Lately, the school has been doing a lot of retrofitting. Blue lights installed on the ceiling throughout the school last year - even in the closets - alert students that something important is happening and they should go to the nearest TV to wait for instructions. Green lights, also installed last year, let the older students know when it is time to change classes, eliminating the need for people to run throughout the school to tell everybody.

Other additions over the years have included a dorm and cafeteria complex constructed in 1971 and a gym and pre-vocational wing built in 1984-85. The dorm accommodates students who live downstate and stay there on weekdays because of the lengthy commute, as well as basketball players who sometimes spend the night if a game ends late, Bosso said.

Not all students spend a full day at the school. Some have varying degrees of hearing ability, and 60 percent of the student population spend part of the time with an interpreter at a mainstream school, Bosso said.

Bosso has been meeting with officials from the state's Department of Education, the State Budget Office and the Christina School District, which administers the school, about building anew.

Kelli Racca, Christina's supervisor for planning and capital projects, estimates it could cost $22 million to $25 million to construct a new building.

Martha Brooks, whose duties at the education department include curriculum and instruction improvement, counts herself as a recent convert to the cause of building a new school.

"When we first started this discussion, I wasn't quite sure, but they've pretty much convinced me," she said.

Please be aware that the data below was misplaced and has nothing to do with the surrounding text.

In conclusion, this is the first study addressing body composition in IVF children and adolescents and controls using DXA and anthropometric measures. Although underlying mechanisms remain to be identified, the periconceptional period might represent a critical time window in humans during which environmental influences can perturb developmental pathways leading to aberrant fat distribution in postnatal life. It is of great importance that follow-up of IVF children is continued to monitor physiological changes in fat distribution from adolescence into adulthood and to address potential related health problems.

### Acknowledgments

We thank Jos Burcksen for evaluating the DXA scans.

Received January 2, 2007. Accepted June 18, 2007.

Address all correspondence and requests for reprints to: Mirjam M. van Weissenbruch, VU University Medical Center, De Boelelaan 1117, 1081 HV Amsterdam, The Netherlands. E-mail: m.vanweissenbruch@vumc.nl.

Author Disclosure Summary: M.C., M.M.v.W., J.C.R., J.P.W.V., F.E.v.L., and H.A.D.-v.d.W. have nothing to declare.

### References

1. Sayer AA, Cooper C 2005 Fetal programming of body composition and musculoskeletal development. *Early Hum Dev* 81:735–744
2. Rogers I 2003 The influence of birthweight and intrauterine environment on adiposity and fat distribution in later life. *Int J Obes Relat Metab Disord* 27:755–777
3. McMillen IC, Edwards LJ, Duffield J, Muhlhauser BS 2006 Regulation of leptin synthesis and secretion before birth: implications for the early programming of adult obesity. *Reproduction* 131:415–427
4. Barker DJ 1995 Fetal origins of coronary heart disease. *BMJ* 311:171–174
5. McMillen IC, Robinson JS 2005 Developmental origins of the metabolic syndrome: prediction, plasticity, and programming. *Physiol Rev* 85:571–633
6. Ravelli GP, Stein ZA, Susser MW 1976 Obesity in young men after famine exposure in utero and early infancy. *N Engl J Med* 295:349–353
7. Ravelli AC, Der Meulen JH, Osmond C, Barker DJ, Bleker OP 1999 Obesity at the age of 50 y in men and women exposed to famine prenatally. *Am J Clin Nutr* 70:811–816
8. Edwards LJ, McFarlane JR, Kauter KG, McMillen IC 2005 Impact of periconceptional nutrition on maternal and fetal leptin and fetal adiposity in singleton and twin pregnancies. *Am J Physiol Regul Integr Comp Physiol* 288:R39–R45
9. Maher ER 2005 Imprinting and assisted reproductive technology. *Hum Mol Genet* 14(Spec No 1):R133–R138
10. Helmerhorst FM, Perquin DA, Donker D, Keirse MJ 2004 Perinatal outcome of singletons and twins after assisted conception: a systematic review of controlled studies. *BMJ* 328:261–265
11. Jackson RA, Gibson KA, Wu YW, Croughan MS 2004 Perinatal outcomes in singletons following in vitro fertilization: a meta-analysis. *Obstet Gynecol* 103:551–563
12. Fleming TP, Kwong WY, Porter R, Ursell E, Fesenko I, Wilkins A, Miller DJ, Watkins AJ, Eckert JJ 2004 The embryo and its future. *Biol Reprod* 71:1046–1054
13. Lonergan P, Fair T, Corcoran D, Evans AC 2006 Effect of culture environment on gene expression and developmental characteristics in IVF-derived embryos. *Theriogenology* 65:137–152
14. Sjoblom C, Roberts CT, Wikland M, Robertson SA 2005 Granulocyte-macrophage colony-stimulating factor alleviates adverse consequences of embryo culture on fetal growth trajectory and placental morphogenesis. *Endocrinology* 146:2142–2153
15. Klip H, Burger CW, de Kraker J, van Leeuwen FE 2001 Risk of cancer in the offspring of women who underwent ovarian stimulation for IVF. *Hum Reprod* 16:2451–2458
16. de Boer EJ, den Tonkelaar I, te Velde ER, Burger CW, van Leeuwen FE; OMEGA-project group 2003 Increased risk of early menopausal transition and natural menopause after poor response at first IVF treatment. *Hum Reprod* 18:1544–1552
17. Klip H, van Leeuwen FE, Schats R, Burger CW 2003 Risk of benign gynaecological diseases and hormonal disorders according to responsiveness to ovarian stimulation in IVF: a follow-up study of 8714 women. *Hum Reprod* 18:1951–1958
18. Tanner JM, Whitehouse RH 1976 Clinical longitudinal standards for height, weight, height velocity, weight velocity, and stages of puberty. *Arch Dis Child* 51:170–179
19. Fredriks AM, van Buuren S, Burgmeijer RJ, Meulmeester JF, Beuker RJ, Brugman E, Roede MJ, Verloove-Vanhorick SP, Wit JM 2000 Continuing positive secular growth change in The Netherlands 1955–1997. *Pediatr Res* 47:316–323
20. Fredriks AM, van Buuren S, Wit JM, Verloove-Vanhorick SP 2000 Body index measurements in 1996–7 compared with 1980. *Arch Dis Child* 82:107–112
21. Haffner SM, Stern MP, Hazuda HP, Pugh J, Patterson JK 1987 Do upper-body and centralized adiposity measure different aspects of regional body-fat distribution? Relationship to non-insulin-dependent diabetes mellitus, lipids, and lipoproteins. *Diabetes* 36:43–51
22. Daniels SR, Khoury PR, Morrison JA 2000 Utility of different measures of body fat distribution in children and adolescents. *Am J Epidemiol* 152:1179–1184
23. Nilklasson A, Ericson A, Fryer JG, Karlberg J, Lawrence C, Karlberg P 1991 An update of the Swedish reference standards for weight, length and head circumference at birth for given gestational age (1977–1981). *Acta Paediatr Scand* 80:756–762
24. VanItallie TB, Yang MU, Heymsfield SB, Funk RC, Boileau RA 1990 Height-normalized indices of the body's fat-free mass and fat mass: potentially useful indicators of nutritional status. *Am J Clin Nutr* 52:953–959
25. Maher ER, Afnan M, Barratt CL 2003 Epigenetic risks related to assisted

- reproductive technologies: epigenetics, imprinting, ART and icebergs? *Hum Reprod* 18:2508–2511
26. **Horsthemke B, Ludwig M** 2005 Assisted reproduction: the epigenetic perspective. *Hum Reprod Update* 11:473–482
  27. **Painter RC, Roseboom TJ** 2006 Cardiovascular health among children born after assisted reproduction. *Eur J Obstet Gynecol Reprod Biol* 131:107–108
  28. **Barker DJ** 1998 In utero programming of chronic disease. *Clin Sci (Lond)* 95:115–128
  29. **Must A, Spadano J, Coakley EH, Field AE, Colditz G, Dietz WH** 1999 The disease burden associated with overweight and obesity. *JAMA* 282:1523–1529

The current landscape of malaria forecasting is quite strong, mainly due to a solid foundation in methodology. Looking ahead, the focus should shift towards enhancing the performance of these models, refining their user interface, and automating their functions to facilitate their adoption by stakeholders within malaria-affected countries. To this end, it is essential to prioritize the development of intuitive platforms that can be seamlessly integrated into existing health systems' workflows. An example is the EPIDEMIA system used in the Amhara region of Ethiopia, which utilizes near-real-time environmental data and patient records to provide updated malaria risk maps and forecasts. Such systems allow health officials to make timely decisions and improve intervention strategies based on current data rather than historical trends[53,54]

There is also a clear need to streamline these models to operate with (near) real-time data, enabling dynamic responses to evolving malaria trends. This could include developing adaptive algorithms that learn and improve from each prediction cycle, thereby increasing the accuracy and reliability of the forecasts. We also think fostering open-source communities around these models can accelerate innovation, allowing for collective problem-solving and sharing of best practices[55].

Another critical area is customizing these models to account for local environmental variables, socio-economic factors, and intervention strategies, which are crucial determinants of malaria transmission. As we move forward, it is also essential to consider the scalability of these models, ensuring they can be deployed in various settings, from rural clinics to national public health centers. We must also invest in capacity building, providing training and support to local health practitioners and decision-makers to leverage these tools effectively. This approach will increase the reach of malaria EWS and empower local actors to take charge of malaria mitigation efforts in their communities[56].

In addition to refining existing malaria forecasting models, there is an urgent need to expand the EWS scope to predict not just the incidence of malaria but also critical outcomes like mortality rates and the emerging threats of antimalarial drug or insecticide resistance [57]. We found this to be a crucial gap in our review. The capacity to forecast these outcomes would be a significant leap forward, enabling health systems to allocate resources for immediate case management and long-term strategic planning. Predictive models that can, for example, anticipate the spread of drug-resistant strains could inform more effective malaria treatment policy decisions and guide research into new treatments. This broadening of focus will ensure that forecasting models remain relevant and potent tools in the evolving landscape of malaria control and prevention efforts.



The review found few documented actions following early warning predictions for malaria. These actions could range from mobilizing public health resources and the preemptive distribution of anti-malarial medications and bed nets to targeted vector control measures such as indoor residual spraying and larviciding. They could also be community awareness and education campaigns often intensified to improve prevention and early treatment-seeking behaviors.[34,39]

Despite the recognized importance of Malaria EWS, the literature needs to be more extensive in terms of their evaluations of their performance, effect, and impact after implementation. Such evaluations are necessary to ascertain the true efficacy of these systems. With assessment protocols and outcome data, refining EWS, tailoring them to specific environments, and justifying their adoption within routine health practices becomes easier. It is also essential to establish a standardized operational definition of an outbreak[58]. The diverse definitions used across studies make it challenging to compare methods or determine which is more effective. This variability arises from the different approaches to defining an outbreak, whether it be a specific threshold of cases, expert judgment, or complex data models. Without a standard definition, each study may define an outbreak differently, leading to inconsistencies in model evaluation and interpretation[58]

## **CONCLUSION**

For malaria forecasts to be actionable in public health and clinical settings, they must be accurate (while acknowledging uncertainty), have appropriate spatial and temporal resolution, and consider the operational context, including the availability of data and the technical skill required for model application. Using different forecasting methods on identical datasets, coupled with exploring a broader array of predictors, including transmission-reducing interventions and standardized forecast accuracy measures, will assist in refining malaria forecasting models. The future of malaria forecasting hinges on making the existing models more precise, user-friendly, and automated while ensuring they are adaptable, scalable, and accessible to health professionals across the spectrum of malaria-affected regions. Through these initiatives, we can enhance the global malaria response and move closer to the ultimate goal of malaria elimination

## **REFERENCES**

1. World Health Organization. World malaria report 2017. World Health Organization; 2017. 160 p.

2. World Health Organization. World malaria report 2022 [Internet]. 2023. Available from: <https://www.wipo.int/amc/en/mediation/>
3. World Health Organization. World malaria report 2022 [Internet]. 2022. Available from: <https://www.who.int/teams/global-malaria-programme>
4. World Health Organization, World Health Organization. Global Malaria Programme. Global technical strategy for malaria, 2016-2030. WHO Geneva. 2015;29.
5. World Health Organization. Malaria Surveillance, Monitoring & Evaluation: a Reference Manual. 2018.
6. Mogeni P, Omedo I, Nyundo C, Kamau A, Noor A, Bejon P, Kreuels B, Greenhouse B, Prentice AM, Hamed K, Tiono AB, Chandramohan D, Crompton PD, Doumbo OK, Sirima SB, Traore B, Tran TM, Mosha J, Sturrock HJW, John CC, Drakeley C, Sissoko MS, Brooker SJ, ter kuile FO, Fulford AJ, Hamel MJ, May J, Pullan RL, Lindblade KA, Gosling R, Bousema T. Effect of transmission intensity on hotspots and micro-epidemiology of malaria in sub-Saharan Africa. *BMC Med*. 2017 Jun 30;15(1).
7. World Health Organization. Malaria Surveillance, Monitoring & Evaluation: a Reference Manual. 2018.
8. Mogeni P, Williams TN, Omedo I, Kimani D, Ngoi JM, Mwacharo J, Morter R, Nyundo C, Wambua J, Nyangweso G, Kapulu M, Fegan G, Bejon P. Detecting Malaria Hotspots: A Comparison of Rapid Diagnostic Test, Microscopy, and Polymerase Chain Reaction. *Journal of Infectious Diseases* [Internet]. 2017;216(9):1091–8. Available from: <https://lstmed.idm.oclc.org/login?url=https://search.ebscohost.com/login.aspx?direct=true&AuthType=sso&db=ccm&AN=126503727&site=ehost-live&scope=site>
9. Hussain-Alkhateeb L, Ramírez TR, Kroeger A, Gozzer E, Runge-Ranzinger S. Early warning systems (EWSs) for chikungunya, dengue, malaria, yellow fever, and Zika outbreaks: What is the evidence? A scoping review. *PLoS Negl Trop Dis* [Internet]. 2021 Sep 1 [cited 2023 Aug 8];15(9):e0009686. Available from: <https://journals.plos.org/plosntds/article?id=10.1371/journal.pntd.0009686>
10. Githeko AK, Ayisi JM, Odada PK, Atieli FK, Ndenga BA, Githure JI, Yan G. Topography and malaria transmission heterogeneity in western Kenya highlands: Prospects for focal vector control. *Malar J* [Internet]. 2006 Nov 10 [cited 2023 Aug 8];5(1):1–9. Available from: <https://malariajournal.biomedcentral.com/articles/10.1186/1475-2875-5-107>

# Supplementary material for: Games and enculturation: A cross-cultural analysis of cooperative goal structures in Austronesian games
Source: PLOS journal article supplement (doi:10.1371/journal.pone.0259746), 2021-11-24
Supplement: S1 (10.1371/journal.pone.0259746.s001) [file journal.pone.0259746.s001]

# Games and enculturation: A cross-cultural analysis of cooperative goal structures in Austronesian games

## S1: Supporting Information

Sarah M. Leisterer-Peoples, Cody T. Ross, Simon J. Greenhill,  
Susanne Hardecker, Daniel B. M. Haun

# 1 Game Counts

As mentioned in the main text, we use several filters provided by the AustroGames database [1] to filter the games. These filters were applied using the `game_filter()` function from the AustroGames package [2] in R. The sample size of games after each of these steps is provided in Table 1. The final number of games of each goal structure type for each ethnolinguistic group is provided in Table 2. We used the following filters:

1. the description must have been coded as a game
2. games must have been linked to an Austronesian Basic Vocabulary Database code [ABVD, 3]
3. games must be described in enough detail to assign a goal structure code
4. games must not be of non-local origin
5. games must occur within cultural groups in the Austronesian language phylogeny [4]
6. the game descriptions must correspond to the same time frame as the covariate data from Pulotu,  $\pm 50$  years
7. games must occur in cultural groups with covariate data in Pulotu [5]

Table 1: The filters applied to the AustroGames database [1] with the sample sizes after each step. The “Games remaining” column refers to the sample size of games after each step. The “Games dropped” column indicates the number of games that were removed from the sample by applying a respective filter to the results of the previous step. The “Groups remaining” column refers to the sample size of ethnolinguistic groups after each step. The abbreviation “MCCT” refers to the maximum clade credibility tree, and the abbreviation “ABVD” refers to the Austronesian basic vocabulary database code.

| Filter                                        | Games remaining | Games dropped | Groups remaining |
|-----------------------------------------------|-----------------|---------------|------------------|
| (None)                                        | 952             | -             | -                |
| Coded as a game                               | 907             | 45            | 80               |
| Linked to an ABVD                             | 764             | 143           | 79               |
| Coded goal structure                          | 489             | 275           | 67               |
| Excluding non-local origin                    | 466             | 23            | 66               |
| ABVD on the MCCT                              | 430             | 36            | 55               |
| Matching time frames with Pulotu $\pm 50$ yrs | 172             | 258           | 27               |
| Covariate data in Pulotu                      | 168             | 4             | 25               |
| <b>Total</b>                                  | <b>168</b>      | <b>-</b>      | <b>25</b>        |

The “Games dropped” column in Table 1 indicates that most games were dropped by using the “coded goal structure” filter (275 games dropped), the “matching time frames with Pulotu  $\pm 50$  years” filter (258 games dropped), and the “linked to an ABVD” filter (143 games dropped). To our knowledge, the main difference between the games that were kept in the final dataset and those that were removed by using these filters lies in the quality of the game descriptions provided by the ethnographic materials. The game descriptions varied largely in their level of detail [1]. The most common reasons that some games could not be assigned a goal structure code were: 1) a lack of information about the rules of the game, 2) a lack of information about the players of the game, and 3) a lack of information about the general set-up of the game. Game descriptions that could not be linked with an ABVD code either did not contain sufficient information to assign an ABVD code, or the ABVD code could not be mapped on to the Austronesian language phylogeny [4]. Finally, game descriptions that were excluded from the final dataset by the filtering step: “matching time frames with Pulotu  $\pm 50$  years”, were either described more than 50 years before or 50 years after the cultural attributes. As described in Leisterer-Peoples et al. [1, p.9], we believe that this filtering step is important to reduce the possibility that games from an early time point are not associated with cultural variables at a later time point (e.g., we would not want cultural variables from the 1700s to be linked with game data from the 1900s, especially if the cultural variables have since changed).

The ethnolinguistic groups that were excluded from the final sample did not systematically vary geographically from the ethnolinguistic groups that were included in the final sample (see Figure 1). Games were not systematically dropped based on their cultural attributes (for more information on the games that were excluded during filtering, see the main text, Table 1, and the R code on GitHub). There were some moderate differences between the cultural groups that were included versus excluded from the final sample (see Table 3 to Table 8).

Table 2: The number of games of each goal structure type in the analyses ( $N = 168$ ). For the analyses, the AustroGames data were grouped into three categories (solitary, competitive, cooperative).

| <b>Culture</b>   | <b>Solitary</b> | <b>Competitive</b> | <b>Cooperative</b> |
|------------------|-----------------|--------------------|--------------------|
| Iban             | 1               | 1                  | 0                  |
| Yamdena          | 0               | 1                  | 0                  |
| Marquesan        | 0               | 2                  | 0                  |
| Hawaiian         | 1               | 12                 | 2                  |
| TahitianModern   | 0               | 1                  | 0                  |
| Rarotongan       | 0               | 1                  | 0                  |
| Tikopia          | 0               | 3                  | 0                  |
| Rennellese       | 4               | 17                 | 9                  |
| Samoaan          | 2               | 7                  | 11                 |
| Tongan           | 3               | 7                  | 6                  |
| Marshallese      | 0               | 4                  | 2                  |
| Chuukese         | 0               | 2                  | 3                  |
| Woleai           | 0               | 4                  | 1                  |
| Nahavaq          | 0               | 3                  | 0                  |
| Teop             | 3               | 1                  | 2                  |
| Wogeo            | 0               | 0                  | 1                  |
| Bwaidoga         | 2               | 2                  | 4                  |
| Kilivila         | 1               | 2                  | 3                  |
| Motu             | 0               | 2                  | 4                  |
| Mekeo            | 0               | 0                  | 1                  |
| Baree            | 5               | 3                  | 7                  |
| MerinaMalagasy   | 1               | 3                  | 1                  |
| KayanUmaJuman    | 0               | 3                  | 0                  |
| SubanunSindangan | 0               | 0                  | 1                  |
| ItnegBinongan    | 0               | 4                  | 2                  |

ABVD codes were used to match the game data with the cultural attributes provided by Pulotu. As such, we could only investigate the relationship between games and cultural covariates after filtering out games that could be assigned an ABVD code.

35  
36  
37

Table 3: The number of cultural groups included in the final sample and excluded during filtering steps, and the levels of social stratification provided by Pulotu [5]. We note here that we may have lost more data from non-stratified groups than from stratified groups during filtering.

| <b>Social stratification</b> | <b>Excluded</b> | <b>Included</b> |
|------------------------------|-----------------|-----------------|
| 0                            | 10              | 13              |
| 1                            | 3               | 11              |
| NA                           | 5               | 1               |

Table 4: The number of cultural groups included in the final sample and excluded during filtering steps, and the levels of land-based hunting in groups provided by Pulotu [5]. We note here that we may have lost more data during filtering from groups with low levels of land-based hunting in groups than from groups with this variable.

Brooks would like to see a building planned with the next 50 years in mind, not just one that would cater to needs of today - "a school designed with every technological thing we can think of, to make it so it can adapt and move into the future quite easily."

Specifically, Brooks said she would like to see a new school include technology that would provide more support to off-site classrooms through video conferencing.

A new school also should be able to accommodate deaf children who additionally have mental-health issues, she said.

If the state provides money for a new building, she has asked Christina to consider building it in the southeastern portion of the district.

"We have a lot more students from the Kent [County] and Sussex County area than we've had in the past," Brooks aid.

Bosso prefers a site in New Castle County because it is the highest-populated county in the state. A November count showed 55 percent of the school's students live in New Castle county, 25 percent in Kent County and 20 percent in Sussex County.

A 200-acre wooded property is available about 200 yards from the school on Chestnut Hill Road that would make an ideal site, Bosso said.

"We've always been told that it's our land, the School for the Deaf's land," he said.

There are about 350 to 400 school-age deaf children in Delaware, he said, adding that a more specific count is hard to pin down because some of them have primary physical difficulties in other areas.

Contact Edward L. Kenney at 324-2891 or

© 2005 News Journal